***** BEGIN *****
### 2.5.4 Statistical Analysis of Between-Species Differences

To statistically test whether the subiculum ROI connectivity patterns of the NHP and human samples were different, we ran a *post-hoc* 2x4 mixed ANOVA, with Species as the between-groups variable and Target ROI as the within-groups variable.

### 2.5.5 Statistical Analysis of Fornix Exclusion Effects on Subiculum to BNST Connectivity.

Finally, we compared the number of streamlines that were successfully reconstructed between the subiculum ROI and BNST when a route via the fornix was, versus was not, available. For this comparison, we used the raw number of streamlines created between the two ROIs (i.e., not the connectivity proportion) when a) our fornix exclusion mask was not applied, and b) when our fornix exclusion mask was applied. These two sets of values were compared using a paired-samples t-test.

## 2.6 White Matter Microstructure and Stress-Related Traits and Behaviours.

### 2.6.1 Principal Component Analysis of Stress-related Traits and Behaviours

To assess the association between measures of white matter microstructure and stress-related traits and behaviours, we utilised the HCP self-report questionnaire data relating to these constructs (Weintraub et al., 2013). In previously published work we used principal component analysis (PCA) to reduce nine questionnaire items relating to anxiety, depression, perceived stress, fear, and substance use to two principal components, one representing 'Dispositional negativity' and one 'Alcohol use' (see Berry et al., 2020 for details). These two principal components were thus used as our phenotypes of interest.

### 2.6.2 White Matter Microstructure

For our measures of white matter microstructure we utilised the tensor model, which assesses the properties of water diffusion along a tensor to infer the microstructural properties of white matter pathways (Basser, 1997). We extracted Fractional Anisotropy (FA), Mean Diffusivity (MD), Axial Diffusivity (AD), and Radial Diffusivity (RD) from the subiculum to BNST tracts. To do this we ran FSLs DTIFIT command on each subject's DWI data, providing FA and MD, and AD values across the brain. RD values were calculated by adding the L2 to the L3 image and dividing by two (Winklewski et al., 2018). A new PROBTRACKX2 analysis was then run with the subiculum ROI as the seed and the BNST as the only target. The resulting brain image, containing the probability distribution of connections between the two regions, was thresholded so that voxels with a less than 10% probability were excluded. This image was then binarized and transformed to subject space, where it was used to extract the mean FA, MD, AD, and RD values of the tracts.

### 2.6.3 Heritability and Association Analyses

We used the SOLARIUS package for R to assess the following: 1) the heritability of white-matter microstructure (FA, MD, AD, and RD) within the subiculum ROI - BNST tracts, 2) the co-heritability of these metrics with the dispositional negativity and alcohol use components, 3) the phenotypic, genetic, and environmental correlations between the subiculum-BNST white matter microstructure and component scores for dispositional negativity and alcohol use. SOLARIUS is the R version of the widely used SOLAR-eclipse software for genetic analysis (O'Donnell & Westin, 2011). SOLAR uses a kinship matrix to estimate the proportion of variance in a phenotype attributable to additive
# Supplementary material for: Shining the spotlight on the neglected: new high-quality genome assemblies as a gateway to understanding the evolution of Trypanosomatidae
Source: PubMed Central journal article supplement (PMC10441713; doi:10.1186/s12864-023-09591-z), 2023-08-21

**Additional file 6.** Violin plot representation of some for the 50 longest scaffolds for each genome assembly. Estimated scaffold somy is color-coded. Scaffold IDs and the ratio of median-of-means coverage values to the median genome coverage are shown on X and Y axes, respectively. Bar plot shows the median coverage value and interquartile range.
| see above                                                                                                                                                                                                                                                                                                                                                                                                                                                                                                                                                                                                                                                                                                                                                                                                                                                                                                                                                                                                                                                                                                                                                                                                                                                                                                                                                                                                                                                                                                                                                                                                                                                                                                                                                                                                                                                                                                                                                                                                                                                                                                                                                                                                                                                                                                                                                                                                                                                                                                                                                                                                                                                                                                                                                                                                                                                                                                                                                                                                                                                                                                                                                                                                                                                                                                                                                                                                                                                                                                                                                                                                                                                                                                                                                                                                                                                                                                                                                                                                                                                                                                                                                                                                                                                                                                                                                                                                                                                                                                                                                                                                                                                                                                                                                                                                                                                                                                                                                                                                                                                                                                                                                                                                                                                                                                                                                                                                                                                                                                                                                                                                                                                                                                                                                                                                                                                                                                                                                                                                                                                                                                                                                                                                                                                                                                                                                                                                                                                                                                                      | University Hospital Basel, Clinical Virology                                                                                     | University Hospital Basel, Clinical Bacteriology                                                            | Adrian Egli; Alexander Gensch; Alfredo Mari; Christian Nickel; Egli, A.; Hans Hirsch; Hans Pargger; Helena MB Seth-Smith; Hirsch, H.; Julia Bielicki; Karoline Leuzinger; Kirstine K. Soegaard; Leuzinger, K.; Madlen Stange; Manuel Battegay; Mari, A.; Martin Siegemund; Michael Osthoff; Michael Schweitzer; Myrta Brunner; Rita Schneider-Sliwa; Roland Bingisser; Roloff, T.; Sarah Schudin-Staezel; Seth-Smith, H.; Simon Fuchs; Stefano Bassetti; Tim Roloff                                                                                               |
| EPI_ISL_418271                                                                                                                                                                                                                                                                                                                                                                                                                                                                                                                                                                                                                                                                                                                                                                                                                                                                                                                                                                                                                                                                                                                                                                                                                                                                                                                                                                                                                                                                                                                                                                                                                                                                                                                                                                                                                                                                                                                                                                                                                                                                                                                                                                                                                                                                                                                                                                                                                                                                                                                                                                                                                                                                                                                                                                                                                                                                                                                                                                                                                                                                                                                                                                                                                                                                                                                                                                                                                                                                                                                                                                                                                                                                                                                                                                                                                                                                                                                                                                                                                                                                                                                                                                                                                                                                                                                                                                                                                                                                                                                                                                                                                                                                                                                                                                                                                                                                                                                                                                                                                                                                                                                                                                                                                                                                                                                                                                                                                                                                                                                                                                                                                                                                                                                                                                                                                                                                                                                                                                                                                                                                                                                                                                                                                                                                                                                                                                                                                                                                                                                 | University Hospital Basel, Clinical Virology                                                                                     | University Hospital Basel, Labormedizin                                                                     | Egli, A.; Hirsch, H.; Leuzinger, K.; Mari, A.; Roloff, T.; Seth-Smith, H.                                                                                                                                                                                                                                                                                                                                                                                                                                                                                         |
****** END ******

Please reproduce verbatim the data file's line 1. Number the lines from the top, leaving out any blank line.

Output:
### 2.5.4 Statistical Analysis of Between-Species Differences